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Waikato Taking Action on Maternal Smoking

Waikato Taking Action on Maternal Smoking

New Zealand’s high rate of smoking during pregnancy is a public health emergency, says Waikato District Health Board public health physician Nina Scott.

The figures don’t paint a pretty picture with almost one in five Waikato mothers smoking during pregnancy and two in five pregnant Maori women (41 per cent) smoking.

Being pregnant hardly reduces the smoking rate, with only a current two per cent decrease in smoking rates during pregnancy.

Dr Scott, who works with Waikato DHB’s Maori Health service Te Puna Oranga, says the time has come to knuckle down on maternal smoking.

And that all began at the Health Excellence Wananga hosted by Waikato DHB at Turangawaewae Marae last week, with the signing of a call to action on maternal smoking by about 100 conference attendees.

"Turangawaewae was established to raise health standards for our people. I support this call to action for its potential to do that,” said Turangawaewae Marae Trust chairman Pokaia Nepia.

“A Smokefree pregnancy is one of the best ways to promote a healthy pregnancy and baby."

Dr Scott, of Waikato, Ngati Whatua descent, said the call to action represents a strong commitment to reducing the harm caused by tobacco during pregnancy by people of the Waikato.

“Signatories represented those who are charged with supporting pregnant women and their babies to have the best possible outcomes and included leaders from key organisations such as Waikato DHB, primary health organisations and well child providers.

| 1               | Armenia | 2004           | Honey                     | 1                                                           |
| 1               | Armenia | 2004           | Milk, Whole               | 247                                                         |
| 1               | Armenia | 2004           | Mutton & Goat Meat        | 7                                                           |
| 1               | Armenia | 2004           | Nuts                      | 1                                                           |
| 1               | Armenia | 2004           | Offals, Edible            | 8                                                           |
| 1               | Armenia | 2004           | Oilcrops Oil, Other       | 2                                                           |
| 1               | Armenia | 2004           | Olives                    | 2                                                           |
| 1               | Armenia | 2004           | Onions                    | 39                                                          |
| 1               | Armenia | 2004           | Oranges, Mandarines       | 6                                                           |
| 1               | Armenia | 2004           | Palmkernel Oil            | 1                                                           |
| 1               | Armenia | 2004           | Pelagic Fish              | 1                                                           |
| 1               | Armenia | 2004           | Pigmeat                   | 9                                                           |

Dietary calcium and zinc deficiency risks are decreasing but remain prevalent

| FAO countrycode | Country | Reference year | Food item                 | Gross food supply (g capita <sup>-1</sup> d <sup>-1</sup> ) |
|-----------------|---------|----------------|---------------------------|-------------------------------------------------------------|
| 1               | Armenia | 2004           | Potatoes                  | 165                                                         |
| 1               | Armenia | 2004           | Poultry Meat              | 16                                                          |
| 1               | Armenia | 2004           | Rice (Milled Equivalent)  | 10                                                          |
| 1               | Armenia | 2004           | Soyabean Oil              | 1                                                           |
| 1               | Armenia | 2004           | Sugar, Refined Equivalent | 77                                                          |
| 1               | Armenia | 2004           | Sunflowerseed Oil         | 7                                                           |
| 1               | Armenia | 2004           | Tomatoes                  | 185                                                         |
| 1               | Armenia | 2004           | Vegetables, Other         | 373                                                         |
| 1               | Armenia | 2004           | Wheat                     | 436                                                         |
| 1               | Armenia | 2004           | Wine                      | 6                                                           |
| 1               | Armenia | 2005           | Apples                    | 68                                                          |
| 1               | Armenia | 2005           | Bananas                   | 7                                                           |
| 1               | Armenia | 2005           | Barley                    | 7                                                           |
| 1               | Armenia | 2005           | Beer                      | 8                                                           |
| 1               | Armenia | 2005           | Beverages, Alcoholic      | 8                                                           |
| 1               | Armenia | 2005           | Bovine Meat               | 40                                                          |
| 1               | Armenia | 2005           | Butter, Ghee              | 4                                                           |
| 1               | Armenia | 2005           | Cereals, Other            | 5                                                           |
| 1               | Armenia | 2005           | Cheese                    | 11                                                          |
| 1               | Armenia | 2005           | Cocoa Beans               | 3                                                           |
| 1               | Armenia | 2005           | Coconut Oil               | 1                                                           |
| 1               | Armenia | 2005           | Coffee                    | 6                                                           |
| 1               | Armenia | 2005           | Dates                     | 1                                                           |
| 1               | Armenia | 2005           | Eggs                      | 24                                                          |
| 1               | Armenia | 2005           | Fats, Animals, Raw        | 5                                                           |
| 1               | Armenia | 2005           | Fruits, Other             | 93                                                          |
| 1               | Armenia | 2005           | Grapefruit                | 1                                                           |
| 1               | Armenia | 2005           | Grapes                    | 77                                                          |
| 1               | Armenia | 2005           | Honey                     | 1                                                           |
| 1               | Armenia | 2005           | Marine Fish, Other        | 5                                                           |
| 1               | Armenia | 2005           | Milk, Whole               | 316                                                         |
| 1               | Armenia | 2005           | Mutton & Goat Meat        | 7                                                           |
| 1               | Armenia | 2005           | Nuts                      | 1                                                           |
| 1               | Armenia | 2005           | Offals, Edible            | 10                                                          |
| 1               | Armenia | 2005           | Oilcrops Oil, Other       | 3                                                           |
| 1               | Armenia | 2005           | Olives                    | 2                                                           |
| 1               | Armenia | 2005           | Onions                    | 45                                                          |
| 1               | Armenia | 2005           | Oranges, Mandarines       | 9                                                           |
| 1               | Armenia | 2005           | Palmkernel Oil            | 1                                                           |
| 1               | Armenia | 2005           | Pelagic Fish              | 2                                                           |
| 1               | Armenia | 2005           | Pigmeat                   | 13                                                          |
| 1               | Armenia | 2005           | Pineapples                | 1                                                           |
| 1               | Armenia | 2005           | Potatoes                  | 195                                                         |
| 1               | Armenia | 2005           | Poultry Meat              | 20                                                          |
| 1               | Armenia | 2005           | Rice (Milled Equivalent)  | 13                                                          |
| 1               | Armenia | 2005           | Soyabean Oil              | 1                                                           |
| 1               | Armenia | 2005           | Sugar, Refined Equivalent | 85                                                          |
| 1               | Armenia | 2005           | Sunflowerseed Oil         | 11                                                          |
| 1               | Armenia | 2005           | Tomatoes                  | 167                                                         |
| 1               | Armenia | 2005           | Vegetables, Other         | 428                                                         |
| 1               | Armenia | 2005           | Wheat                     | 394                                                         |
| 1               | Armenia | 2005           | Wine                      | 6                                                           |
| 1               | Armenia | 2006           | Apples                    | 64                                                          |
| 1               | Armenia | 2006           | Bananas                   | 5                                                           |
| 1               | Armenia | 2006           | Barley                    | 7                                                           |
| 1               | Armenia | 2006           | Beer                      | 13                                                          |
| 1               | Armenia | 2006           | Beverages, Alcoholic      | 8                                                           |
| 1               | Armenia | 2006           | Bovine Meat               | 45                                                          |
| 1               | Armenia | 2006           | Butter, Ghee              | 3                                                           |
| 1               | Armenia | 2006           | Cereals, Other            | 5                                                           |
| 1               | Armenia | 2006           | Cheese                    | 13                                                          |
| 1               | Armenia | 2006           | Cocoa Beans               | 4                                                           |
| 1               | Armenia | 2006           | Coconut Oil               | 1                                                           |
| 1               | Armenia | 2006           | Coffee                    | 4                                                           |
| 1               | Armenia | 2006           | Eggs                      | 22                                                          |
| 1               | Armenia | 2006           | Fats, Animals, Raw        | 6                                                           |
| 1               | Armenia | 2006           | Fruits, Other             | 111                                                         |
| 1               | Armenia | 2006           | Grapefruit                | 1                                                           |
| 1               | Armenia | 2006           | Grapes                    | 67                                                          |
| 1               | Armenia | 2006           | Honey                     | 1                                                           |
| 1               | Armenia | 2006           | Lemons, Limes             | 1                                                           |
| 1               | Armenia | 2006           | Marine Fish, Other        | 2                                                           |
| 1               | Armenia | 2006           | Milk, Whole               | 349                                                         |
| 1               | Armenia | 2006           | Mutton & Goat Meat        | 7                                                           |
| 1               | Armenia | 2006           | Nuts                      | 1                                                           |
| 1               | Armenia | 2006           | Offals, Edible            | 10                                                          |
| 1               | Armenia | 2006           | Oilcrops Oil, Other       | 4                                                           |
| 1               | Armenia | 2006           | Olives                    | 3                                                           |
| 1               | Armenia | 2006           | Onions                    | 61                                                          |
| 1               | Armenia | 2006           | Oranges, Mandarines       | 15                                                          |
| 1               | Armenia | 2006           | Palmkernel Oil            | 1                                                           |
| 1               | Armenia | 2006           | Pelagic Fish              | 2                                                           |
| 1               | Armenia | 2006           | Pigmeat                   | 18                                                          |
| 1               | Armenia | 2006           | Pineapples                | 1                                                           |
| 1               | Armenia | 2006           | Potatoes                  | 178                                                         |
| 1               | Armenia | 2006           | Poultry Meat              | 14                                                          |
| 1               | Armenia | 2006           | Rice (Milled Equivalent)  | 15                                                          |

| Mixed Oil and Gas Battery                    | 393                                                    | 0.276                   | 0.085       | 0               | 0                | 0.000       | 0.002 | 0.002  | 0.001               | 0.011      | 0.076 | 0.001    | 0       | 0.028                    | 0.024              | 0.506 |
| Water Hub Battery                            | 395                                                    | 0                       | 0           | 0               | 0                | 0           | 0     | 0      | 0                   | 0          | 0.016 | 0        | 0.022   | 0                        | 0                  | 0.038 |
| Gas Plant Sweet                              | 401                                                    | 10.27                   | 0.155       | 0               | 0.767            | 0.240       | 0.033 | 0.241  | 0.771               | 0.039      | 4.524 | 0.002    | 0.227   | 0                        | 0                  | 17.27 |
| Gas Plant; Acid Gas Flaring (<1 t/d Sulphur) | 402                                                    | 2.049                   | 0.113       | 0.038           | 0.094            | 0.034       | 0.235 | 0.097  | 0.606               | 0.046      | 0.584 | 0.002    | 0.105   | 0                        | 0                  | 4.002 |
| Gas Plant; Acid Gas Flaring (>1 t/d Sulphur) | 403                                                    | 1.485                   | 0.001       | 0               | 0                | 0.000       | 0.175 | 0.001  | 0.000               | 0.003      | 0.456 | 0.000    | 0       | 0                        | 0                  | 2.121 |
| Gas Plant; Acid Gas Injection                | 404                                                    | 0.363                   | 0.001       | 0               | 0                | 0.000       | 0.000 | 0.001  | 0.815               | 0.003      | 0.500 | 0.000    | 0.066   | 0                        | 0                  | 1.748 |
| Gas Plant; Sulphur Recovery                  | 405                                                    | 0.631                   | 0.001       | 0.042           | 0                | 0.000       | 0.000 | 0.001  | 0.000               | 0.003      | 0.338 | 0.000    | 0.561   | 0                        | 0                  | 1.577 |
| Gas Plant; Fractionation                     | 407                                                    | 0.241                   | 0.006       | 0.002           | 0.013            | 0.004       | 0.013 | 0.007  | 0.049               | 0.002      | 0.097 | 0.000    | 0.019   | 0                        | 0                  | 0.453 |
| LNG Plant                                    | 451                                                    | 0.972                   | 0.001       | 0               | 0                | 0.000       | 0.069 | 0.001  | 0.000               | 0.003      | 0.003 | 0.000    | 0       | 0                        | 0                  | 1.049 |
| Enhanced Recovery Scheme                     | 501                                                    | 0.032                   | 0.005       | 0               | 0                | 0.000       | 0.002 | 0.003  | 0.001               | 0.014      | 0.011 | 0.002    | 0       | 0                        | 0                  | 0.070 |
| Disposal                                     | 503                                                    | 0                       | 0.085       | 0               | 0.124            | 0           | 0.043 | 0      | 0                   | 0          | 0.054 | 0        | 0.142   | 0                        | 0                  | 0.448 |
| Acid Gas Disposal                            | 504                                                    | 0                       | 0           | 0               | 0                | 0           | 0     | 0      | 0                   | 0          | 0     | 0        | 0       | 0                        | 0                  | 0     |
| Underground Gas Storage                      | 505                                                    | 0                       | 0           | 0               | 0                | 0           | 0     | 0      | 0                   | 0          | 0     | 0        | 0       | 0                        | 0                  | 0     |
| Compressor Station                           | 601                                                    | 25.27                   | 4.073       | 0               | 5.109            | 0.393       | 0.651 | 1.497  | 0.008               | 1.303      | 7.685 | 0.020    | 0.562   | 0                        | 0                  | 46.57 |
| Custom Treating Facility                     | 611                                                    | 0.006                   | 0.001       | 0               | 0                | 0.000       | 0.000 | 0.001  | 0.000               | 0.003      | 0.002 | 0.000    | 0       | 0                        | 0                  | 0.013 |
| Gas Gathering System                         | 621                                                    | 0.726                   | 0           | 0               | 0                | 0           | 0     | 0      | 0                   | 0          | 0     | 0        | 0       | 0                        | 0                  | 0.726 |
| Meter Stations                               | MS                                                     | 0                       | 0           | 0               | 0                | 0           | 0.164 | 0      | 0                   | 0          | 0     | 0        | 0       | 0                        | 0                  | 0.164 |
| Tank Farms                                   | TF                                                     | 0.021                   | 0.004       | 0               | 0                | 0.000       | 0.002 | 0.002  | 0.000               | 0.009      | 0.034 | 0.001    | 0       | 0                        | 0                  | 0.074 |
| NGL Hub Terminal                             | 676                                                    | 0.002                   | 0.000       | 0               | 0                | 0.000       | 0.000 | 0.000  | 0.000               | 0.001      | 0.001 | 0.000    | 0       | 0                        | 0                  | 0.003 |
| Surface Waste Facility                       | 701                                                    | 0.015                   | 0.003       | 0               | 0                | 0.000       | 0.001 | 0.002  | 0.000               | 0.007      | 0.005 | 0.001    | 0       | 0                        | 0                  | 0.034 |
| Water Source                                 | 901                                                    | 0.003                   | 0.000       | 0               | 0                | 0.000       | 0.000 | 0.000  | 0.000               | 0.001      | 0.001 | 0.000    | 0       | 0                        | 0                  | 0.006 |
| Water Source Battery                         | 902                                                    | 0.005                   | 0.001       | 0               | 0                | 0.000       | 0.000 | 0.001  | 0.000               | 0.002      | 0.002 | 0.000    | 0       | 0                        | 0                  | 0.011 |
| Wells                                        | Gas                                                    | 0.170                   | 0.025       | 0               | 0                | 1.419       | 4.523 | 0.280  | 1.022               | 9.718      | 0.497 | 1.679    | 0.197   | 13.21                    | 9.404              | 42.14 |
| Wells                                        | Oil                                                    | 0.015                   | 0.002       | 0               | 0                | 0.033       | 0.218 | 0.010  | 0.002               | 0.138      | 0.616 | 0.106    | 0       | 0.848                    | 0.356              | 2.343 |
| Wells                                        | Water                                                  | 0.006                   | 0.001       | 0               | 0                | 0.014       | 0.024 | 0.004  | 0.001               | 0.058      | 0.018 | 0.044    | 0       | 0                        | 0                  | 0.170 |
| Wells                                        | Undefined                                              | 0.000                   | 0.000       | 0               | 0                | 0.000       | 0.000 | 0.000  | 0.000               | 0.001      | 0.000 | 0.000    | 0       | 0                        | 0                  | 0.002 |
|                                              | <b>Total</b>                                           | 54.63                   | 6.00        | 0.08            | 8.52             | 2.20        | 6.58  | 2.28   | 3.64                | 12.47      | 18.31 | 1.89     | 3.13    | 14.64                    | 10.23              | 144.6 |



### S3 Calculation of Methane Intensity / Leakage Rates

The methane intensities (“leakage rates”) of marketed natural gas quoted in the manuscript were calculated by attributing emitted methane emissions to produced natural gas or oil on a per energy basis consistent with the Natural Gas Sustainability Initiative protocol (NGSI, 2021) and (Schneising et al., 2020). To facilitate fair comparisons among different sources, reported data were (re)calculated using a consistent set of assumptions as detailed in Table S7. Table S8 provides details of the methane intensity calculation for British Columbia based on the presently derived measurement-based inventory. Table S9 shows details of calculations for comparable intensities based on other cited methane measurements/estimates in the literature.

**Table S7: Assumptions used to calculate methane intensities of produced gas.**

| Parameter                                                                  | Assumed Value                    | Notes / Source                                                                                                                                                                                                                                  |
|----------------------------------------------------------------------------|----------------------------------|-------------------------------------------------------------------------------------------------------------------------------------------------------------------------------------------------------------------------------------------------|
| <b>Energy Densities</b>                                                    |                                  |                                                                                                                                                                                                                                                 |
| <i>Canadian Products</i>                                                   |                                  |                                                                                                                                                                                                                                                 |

“Others, such as midwives, general practitioners, smoking cessation workers and obstetricians who are responsible for the care of pregnant women were also invited to sign the call to action, as was anyone who has an interest in achieving the Smokefree Vision 2025 goal of a 95 per cent Smokefree New Zealand by the year 2025.”

Waikato’s Smokefree Pregnancy Leadership Team member Heather Sears, also a midwife, said women and their families need better support to help them quit smoking.

“Health professionals need to provide support in a consistent and high quality way,” she said.

“Evidence shows that ectopic pregnancy, increase in maternal heart rate and blood pressure, spontaneous abortion, placental insufficiency, low birth weight babies, preterm delivery, Sudden Unexplained Death in Infancy, childhood respiratory disease and retarded brain development including Attention Deficit Disorder are linked to smoking during pregnancy.”

“The ultimate goal is to reduce the poor health outcomes experienced by women and infants due to exposure to tobacco,” said Dr Scott.

“Looking after women and infants with poor outcomes due to smoking puts pressure on families, communities and healthcare services.”

Women who smoke during pregnancy are typically highly tobacco dependent, and live with others who smoke. While informing them of the risks of smoking during pregnancy is important, this on its own is unlikely to lead to a Smokefree pregnancy.

“More action is needed to prioritise action to support pregnant women who smoke to become Smokefree.

“This should include providing women with nicotine replacement therapy and support through referral to smoking cessation services. Well organised, high quality, equitable health care is needed in the area of smoking cessation.”


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